Figure 2. Immunotoxin construction-from oldest to newest. First generation immunotoxins were constructed by using chemical crosslinking agents to attach intact toxins to intact antibodies. Second generation immunotoxins used modified toxins lacking receptor-binding domains. Third generation molecules used cloned antibody fragments fused to modified toxin genes; allowing for the recombinant production of homogeneous protein. Further improvements of the third generation molecule might include the removal of immunogenic amino acids including (as shown) much of the multi-helical domain of PE.
Toxins 05 01486 g002

4. Evolved Immunotoxins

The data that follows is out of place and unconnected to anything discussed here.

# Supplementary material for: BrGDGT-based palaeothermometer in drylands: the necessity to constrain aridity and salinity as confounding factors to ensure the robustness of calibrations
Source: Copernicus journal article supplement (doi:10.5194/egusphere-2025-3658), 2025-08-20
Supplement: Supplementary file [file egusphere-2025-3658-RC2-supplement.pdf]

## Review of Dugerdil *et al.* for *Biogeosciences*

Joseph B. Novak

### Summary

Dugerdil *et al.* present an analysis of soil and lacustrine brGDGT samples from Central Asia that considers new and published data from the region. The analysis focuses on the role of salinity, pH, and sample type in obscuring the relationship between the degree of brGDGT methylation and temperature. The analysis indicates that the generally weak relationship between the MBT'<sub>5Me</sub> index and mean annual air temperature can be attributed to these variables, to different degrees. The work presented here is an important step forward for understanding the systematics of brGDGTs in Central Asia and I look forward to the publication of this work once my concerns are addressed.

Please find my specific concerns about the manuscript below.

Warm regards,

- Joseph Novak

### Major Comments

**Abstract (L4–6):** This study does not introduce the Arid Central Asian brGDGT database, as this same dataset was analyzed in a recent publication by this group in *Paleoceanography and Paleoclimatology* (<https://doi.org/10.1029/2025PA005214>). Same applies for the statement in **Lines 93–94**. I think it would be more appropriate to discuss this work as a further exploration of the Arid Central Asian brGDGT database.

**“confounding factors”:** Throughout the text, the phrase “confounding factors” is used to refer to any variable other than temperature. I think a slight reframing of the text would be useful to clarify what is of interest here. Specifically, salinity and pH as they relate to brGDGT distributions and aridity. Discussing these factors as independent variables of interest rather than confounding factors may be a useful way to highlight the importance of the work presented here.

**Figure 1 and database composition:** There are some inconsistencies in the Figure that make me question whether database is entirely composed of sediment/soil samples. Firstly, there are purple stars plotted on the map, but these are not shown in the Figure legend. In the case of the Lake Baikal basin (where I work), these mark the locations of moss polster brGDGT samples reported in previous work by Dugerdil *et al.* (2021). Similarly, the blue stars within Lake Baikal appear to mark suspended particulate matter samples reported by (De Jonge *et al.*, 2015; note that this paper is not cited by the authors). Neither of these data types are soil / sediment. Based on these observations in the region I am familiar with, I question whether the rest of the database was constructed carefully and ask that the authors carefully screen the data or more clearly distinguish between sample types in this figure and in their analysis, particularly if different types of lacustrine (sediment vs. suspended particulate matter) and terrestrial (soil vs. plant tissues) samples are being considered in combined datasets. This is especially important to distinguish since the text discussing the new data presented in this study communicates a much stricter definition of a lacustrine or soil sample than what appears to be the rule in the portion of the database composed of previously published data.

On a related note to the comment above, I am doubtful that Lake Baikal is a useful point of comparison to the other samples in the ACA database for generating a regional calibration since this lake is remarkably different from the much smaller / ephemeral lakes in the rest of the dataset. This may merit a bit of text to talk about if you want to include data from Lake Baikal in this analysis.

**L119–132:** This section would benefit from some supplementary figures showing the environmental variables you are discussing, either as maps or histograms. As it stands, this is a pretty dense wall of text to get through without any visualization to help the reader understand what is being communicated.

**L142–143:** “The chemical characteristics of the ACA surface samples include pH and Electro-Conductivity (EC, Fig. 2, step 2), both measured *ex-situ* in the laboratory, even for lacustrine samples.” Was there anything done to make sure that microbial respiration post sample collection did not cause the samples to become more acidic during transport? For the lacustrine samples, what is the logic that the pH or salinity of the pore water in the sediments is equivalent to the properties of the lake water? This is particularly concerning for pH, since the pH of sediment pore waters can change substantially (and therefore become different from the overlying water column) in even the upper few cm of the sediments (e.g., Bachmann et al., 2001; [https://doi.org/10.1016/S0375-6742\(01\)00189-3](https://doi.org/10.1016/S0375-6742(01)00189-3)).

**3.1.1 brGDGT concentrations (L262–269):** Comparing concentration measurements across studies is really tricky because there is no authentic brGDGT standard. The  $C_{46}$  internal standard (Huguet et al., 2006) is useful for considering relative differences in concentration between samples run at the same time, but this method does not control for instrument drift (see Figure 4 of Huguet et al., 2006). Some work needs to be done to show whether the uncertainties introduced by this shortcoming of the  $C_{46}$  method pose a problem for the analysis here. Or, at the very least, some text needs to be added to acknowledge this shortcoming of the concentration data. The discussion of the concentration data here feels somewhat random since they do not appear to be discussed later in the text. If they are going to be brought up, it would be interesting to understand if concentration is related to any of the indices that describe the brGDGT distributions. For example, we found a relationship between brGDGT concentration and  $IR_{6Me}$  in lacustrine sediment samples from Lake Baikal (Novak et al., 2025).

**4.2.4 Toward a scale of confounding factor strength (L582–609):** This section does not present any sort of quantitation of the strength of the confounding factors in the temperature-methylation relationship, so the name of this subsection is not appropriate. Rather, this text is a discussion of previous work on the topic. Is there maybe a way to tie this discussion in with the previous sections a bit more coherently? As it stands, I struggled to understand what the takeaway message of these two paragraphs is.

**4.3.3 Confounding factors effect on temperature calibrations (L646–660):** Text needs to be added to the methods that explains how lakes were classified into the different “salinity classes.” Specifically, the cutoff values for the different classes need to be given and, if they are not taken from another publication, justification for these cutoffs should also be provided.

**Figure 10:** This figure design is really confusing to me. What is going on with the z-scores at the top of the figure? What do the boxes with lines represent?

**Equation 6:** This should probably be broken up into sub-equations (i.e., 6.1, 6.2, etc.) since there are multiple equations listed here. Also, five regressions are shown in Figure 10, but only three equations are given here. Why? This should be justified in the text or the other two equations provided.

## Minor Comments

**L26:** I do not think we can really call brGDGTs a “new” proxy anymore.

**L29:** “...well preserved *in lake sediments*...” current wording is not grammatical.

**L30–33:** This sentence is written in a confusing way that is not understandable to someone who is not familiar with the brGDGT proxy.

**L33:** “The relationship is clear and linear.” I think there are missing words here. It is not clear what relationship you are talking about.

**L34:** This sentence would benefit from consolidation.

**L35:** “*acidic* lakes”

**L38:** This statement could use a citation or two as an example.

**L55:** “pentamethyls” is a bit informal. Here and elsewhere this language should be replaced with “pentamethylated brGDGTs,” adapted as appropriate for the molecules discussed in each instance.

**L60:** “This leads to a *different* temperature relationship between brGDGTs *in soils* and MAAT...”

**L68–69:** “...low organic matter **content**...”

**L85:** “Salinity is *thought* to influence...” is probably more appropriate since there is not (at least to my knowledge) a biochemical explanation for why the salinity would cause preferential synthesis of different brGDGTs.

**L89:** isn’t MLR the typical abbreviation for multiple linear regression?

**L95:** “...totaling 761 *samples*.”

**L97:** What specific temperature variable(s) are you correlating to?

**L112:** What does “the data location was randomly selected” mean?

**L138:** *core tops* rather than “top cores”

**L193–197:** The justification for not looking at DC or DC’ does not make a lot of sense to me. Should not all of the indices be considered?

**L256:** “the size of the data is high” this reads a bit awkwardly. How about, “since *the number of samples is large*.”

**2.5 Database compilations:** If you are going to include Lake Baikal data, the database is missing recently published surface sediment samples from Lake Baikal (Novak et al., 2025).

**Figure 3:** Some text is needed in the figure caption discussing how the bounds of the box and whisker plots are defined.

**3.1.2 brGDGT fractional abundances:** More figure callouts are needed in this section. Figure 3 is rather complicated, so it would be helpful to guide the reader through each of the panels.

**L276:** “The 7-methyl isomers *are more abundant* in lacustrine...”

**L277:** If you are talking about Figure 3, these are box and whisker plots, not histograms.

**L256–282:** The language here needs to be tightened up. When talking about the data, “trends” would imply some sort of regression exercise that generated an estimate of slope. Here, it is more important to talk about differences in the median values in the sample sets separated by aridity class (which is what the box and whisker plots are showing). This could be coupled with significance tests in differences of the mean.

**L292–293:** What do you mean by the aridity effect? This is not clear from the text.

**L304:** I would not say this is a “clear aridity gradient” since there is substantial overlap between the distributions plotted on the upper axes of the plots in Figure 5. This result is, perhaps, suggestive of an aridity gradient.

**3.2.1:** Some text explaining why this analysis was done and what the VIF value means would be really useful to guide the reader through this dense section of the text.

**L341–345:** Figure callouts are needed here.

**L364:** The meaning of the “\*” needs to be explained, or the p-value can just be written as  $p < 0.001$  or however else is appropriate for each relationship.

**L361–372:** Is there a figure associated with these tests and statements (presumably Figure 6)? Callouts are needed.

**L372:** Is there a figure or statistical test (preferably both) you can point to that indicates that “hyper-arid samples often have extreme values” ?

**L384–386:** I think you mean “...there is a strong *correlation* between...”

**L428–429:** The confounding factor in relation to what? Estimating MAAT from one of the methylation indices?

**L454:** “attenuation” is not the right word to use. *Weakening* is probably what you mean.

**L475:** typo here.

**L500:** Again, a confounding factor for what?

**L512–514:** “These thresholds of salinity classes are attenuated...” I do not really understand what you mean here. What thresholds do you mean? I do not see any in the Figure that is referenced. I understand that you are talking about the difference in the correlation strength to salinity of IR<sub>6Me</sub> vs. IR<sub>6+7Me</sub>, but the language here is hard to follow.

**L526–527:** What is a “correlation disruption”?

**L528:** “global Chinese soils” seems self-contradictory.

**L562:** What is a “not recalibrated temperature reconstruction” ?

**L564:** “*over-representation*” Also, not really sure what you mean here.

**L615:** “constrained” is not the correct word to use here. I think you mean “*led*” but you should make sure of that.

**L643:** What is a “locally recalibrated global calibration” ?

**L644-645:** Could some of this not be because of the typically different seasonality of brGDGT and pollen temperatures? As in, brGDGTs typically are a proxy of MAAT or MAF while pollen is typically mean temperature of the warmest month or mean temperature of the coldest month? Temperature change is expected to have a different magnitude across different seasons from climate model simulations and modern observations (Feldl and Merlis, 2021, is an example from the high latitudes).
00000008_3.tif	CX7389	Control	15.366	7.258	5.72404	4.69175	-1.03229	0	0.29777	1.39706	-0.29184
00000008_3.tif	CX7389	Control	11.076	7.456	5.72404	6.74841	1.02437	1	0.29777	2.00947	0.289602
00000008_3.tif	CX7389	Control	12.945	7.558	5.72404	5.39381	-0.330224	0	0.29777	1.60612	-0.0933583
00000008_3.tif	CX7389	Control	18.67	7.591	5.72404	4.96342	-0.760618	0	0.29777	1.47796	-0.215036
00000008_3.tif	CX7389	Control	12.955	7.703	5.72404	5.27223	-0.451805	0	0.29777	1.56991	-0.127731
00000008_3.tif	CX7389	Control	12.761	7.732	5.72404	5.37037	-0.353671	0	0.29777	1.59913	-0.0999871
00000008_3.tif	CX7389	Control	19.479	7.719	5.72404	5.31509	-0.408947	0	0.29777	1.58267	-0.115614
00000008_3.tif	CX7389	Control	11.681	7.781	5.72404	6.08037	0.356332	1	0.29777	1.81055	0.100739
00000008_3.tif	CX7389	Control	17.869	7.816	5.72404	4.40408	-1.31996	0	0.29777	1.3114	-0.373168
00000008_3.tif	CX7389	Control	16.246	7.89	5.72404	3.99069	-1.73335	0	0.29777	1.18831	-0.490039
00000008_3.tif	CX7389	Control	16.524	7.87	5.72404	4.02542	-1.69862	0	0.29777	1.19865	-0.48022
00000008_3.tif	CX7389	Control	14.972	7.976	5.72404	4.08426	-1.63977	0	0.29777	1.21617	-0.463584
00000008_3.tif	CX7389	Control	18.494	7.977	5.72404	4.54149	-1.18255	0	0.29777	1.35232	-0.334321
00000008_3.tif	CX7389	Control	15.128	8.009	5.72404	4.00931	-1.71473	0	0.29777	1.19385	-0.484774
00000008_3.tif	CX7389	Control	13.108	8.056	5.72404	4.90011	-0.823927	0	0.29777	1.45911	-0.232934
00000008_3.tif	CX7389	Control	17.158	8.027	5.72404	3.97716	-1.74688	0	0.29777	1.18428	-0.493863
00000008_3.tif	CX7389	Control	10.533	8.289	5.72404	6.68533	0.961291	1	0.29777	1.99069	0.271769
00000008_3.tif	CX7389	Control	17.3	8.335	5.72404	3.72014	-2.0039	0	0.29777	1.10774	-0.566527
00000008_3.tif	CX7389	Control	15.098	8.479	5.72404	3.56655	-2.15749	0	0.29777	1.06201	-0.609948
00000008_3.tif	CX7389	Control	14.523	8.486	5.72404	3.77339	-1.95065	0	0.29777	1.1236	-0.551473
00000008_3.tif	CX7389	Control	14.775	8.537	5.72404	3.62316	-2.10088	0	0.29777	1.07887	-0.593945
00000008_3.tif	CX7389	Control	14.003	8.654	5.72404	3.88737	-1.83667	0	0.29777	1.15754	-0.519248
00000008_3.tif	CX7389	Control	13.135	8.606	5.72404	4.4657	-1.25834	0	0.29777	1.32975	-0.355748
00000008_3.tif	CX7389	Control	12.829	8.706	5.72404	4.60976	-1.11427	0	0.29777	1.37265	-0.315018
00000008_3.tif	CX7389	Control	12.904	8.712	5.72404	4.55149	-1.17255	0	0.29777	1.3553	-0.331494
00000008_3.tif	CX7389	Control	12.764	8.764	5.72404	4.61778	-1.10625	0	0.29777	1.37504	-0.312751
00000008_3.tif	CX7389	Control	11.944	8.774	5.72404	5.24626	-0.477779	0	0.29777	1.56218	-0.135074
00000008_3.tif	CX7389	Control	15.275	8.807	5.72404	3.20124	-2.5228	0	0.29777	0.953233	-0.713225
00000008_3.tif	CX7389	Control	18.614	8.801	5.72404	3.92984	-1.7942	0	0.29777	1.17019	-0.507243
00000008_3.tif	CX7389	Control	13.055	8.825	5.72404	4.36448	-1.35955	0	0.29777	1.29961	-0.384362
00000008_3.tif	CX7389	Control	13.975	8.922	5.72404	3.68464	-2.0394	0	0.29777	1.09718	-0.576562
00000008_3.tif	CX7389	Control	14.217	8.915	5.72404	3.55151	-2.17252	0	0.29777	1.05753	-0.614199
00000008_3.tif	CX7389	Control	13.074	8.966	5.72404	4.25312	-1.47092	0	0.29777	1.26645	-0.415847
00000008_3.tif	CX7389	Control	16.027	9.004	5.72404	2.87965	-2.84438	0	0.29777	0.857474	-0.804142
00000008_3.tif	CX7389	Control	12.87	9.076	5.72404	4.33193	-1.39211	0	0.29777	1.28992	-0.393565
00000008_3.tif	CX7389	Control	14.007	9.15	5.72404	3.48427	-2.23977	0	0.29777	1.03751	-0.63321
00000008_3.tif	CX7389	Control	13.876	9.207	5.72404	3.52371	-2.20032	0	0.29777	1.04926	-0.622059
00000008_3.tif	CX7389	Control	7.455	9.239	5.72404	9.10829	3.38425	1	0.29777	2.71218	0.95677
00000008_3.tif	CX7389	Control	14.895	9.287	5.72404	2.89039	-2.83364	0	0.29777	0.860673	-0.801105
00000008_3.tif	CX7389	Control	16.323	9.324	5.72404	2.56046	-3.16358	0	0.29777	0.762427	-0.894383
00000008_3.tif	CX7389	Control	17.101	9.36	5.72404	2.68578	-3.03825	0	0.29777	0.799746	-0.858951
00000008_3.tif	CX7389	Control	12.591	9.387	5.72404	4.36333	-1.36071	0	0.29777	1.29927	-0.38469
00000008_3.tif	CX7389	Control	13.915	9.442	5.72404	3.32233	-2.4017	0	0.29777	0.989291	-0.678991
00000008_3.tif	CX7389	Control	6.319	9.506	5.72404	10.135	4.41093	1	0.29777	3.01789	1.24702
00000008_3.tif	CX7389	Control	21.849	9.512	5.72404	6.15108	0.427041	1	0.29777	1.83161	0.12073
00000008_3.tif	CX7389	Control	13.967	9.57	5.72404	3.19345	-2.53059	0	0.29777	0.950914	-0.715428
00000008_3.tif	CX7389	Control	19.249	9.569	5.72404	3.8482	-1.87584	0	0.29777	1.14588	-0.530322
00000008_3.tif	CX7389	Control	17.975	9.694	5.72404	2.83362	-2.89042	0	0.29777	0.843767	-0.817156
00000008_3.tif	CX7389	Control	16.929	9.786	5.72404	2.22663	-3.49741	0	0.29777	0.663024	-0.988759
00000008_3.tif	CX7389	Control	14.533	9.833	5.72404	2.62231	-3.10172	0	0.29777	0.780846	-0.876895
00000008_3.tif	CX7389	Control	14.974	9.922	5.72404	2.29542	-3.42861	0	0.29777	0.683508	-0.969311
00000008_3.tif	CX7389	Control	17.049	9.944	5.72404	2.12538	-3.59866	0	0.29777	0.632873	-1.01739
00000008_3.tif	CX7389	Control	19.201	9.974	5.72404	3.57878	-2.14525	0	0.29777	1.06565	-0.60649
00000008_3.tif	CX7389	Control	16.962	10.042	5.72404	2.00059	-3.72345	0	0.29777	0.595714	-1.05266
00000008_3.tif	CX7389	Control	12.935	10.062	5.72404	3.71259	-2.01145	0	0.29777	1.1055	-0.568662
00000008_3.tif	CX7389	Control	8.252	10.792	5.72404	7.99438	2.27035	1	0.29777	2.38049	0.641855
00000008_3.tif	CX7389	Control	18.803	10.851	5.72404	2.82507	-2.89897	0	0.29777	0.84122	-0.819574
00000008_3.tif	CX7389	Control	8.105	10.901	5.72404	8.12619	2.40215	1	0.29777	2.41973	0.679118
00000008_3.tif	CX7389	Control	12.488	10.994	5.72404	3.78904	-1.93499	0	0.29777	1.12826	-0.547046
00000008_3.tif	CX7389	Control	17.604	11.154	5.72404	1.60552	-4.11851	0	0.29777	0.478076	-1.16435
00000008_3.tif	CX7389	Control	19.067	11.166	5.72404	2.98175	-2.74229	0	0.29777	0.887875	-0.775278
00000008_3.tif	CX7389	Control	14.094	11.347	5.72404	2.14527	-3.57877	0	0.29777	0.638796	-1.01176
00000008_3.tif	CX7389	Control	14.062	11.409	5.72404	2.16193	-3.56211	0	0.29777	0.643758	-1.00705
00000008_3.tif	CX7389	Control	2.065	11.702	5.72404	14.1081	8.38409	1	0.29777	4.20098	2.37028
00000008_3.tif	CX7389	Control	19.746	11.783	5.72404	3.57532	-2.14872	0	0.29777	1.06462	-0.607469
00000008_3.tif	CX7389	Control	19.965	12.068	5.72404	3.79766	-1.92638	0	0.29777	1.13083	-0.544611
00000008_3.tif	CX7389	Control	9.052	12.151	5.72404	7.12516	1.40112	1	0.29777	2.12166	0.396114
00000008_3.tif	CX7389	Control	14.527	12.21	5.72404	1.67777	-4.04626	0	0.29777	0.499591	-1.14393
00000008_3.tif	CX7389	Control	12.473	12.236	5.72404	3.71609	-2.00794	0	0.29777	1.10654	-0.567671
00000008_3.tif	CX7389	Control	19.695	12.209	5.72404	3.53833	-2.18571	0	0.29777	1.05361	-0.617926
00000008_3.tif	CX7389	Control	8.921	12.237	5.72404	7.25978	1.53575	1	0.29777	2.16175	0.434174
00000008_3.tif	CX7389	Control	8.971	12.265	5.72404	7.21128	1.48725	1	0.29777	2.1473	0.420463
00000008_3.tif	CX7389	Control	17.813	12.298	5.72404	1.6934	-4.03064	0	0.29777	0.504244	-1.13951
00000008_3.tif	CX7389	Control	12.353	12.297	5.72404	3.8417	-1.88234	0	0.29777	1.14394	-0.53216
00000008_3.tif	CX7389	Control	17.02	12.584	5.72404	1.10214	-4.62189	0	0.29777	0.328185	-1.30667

Molecular cloning techniques, producing gene fusions, together with prokaryotic expression systems revolutionized the development of immunotoxins and has produced a third generation molecule (Figure 2D). No longer was it necessary to purify large quantities of antibody and toxin and then combine the two using chemical cross linkers. The latter approach was not very efficient, produced heterogeneous products and risked interfering with antigen binding. The initial breakthrough for recombinant immunotoxins came with the expression of single chain Fv fragments in E. coli that retained antigen binding [78,79]. This led directly to the first recombinant antibody-toxin fusion protein [80]. For PE-based immunotoxins this placed the antibody fragment at the N-terminus leaving the KDEL-like sequence free at the C-terminus (Figure 2D). While this approach was very attractive for the design of recombinant cytotoxic molecules, several challenges remained for expression and purification of active monomeric species. Codon optimization (mostly avoiding rare Arg codons in the antibody clone), inclusion body production, refolding protocols that included redox-shuffling and a multi-step purification scheme solved most of the problems [81,82]. One problem that was not immediately obvious related to the propensity of single chain antibody fragments to aggregate. For unstable Fvs, this issue was overcome with the incorporation of a novel disulfide linker that replaced the flexible linker originally described to keep the heavy and light chains tethered to one another [83,84]. Once produced, immunotoxins directed to potential cancer targets were investigated for cell killing activity and for non-specific damage to non-target tissue. Of various candidate antigens, mesothelin, CD22 and CD25 remain options for clinical investigation [85,86,87]. Other antigens including HER2/neu, Lewis-Y, CD30 and CD19 were considered for pre-clinical development but were either abandoned because of systemic toxicity or never developed because of poor cytotoxic activity in tissue culture.